Wednesday, May 11, 2011

When Conditioning Takes Away from Time on the Mat

Let's get this one out of the way right now - there is no reason ever you should skip judo, jiu-jitsu, wrestling, grappling, whatever your sport is , so that you can do a weight-training, running or other conditioning workout. That's just plain stupid.

The whole purpose for your running and strength training is to get better at A SPORT so why would you not go to practice in that sport? That's kind of like skipping a job interview because you were taking a class to work on your interviewing skills.

Yesterday, Lex Fridman, who is very, very NOT stupid (check out his blog if you don't believe me) posted a comment about running.

Jim and I discussed this at length and I wrote a very long response in the comments section of the blog which somehow did not get saved. I think maybe my computer re-started to install updates while I was off taking pictures of the workout at Results Personal Training (awesome place, by the way).  I needed to get some pictures of different exercises for illustrations for "the book" and I may have run out the door without saving. )-:

ANYWAY ... I decided to post his comment and our answers here because I think Lex's point is one that a lot of people raise, which is how to maximize your conditioning without impacting your time on the mat.

Lex said that he had been running the last month and, with two mat sessions a day, he was really feeling it in the last several rounds of randori.

First of all ... if your running is interfering with your randori something is wrong. We don't know you, but we speculated that one of these may be true:
  1. You are running too soon before practice. Normally we space practices four hours or more apart. For example, when I was competing, I would get up at 5:30 a.m. (I still shudder at the memory), run, go to work, lift weights at noon and then go to judo at 7:00 or 8:00 p.m.  If you're in good condition, you should have recovered after a rest of several hours.
  2. You're doing too much in your running work out. The in-season training program I posted yesterday only includes a two-mile run (3 or 4 if you need to cut weight), three days a week. Three other days of the week, the program includes wind sprints. Personally, I would run six or eight miles some days at lunch but that is certainly not necessary and I know Jim never did that nor Ronda (she hates to run). I love running, and having a sedentary job as an engineer back then, it was nice to get some exercise in the middle of the day and clear my mind. HOWEVER, I never ran those six- or eight-mile runs on the days I had a lot of randori planned for the evening. During the in-season period, when you're doing a lot of randori, you really SHOULDN'T be doing a lot of running or super-hard conditioning. Not knowing you well, we kind of suspect that your problem is that you are running either too much or too hard. You don't need to run a four-minute mile or 40 wind sprints. That's for the out-of-season training.
  3. Maybe you just recently added running as part of your workout ? In that case, if you aren't used to it, it's just a matter of getting in better condition. Run slower or a shorter distance, say one mile, or fewer sprints. Gradually increase the pace and the distance.
 After we'd talked about this for a while, Jim called me back and said,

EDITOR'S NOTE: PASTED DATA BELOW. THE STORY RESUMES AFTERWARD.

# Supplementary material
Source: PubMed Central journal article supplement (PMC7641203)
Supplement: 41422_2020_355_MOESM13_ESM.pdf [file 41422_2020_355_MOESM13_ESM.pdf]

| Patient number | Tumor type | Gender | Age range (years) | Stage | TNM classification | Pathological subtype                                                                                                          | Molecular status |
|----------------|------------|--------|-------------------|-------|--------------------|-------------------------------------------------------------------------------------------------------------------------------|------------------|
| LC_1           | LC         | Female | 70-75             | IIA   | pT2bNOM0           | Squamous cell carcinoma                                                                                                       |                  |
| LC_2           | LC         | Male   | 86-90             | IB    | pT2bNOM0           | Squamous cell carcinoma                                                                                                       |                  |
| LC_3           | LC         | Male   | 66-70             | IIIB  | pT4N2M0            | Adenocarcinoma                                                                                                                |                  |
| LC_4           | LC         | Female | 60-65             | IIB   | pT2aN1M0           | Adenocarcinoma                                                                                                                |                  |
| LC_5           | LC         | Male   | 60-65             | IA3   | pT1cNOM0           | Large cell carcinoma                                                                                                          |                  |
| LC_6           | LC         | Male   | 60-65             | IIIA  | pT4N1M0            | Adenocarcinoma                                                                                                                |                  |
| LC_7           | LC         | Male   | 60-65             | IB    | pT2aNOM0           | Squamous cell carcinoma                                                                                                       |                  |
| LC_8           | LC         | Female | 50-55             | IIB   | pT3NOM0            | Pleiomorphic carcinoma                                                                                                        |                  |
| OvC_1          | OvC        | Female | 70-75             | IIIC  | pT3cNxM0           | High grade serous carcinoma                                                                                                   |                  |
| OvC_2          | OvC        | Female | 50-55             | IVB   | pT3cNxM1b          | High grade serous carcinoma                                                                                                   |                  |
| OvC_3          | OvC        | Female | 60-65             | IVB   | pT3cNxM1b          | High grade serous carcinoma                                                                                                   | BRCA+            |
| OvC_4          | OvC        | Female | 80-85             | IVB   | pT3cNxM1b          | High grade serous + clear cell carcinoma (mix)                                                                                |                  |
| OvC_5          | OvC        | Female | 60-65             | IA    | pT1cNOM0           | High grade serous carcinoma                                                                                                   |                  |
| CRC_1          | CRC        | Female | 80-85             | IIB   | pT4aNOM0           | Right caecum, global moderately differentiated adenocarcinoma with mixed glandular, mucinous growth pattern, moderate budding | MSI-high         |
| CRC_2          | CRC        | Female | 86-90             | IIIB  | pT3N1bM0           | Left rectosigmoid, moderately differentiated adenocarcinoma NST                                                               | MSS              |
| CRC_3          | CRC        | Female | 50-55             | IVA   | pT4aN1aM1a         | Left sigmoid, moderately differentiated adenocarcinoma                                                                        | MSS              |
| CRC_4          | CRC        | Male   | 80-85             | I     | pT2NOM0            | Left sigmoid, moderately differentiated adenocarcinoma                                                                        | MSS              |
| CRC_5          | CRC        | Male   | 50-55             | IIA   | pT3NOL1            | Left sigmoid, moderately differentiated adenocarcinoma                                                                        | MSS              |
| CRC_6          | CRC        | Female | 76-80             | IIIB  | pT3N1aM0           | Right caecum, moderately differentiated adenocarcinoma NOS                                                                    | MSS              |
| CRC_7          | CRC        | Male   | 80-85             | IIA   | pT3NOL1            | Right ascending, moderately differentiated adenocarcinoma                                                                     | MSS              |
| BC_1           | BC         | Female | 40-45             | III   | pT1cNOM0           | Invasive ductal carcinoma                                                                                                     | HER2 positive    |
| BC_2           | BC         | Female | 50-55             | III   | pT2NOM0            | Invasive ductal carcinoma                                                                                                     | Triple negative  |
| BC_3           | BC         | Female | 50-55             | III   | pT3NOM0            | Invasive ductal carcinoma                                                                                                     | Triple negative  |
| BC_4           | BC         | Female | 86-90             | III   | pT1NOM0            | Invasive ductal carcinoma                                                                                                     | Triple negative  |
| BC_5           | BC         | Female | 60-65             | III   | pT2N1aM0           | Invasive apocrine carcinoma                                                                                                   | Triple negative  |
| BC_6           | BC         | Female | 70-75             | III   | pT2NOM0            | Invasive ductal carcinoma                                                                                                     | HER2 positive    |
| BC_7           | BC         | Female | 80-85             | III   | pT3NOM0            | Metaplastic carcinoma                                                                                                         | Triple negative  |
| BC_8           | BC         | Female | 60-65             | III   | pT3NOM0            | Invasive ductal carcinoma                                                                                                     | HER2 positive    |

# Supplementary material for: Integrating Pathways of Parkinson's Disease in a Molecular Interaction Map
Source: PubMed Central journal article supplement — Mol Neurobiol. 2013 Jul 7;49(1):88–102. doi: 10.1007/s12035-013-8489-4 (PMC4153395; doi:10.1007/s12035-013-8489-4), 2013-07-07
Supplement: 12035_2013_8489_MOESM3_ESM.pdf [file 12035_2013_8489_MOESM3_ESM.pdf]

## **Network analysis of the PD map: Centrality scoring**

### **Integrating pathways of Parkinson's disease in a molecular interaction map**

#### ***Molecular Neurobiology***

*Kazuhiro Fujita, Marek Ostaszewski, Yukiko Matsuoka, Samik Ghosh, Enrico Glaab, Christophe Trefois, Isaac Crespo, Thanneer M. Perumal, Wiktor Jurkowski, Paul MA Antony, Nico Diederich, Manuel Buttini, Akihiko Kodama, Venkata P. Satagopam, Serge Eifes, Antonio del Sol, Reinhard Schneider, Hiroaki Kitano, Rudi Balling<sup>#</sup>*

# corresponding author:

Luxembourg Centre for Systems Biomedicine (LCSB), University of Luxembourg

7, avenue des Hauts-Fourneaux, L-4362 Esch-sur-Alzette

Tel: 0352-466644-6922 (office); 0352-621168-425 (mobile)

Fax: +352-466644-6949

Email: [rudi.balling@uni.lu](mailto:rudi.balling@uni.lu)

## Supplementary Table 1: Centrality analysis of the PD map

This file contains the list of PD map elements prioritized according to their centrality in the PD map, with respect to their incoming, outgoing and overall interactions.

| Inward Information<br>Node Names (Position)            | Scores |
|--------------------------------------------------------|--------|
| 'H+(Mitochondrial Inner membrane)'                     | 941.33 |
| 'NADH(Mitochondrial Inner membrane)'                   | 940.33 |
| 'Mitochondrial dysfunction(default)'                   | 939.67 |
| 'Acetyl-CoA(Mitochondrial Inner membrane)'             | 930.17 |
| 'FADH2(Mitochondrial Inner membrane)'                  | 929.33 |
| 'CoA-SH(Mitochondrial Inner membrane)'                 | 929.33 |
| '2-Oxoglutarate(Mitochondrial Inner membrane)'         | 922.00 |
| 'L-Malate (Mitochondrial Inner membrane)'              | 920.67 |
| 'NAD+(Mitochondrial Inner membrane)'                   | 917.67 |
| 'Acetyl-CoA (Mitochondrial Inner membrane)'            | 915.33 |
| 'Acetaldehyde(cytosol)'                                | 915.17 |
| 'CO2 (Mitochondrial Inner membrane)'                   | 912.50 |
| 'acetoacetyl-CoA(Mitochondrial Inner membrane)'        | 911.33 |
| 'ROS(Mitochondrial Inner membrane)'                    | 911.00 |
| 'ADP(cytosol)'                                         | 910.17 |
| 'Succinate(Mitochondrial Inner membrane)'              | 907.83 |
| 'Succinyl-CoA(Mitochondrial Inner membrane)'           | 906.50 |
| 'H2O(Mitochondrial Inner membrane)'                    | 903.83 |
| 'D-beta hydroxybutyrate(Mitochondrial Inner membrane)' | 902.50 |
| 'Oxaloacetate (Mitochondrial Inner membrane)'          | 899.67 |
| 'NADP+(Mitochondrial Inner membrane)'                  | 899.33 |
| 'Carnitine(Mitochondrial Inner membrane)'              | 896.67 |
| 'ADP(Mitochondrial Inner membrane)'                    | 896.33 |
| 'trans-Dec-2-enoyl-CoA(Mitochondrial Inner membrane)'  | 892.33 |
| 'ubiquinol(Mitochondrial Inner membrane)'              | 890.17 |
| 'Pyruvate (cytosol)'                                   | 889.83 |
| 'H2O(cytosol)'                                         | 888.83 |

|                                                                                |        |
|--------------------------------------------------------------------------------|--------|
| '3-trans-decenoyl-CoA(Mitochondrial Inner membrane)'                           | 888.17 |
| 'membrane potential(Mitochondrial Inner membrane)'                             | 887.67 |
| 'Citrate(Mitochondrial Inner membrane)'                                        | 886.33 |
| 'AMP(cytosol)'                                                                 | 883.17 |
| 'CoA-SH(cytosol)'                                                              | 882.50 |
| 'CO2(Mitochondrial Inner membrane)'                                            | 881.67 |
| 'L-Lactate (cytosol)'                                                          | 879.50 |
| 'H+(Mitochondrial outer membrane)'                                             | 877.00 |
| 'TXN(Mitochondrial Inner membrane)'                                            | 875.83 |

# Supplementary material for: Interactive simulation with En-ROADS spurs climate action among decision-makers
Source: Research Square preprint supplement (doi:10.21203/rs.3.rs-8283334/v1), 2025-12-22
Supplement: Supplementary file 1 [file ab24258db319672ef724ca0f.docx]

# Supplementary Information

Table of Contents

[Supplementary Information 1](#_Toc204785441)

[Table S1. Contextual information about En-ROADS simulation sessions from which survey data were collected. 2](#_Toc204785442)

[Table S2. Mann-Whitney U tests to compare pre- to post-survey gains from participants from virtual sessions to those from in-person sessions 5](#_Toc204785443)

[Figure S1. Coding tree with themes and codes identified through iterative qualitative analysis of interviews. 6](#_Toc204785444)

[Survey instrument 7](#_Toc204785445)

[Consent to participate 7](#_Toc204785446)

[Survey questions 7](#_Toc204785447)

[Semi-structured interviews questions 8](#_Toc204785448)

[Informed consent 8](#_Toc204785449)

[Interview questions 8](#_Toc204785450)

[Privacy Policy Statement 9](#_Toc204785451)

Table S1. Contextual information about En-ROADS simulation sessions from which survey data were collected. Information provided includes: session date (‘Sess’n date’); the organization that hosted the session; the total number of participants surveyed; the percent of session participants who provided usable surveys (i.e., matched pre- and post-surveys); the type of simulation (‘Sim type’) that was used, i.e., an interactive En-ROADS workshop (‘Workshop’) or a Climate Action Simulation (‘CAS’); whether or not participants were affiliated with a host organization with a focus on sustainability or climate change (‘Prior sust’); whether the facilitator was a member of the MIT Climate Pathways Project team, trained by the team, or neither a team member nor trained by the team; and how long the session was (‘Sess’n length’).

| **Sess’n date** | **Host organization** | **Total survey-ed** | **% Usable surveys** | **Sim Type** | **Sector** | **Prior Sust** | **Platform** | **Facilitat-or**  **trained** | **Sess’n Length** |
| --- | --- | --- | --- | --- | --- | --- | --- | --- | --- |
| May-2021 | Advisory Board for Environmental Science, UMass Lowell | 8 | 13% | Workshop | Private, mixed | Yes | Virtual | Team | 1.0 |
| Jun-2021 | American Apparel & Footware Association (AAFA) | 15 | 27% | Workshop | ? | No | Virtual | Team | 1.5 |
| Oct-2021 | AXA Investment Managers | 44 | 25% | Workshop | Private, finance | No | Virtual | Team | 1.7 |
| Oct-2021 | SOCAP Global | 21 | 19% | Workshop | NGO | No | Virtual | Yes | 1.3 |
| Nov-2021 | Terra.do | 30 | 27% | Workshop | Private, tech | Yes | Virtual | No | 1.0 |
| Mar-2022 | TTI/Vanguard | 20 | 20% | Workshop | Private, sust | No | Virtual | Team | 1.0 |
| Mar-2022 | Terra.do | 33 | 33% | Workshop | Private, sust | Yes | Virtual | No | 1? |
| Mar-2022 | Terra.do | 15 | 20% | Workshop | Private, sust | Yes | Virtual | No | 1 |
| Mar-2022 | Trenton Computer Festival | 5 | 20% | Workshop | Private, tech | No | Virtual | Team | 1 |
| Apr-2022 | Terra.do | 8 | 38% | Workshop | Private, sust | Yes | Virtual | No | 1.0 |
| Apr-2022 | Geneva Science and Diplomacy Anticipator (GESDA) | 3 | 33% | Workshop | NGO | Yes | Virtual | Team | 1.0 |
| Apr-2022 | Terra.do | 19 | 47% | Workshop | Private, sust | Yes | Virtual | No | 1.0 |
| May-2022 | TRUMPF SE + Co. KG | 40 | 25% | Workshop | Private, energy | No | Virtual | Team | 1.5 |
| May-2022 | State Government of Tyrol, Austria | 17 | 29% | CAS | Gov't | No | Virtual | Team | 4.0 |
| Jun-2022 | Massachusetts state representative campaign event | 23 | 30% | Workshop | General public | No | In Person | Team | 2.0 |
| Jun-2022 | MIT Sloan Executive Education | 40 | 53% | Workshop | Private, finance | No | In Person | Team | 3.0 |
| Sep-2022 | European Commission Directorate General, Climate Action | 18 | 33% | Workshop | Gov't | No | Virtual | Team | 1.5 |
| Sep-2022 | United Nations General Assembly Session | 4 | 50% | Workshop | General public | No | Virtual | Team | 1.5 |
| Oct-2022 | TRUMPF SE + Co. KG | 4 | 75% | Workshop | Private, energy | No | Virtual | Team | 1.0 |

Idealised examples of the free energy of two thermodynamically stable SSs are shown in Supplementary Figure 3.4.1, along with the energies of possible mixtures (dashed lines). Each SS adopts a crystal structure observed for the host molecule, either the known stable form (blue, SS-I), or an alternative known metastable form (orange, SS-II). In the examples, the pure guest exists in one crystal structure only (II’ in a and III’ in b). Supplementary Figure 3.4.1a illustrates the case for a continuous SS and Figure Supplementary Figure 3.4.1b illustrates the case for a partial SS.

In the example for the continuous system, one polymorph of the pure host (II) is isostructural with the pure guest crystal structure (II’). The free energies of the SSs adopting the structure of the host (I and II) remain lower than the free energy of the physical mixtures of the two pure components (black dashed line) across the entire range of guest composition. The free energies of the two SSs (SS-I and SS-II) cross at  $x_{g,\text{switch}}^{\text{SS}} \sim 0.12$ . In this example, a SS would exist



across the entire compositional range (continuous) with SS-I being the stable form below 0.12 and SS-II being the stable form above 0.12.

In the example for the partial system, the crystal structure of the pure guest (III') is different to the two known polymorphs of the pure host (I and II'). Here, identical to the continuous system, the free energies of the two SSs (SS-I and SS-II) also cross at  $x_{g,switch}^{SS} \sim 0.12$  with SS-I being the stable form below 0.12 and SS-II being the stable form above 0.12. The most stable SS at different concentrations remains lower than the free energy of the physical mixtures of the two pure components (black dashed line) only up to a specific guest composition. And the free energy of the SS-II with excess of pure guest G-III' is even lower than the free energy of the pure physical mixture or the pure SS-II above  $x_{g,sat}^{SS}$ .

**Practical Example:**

"You know, he could just run AFTER practice."

Uh, yeah.


Lex said...

Thanks for the great post. You know you've made it when Dr. AnnMaria knows who you are. I'm going to rub this in Will Dampier's face ;-)

I'll try your work out from the previous post and write a blog entry about it ;-)

I think this discussion about running actually applies to the concerns I've heard from others I train with. It extends beyond running. In fact, what was an even bigger problem for me was lifting. Squats, deadlifts, olympic lifts, military press, bench, etc or even a heavy kettlebell workout...

Your advice about spacing workouts is absolutely right. I think 3-5 hours is perfect, especially with a little nap in-between. The problem for me, that I didn't describe, wasn't so much physical, as in overtraining or muscles just being too warn out. It was/is mental. Like you, I'm an engineer, PhD, going into academia, and so basically all I do is research and train. It's work that wears me out, and puts that thought in my head of "Why are you doing this? Why are you training so hard? Don't you realize how silly your goal of winning some silly little tournament is?" I'm not sure why running takes me to that place. Perhaps it's the solitary aspect of it, or perhaps it is indeed because I push the pace too much.

Anyway, sorry for the long comment, and again thank you for the post. No matter what, I think you're very right that training right and for a long time is just too damn hard for most people. The harder I work, the more fully I admire your accomplishments and your Ronda's.

BJJ Judo said...

I started cracking up as soon as I read this...

First of all ... if your running is interfering with your randori something is wrong. We don't know you, but we speculated that one of these may be true:

1.You are running too soon before practice.

For those of you that dont know Lex he runs TOO practice (or at least he used to). I think she has you nailed Lex :)

Dr. AnnMaria said...

BJJ Judo - that is too funny!

Lex- Yes , I agree with you it's probably a bigger problem for people who do a lot of weight and all of the same points apply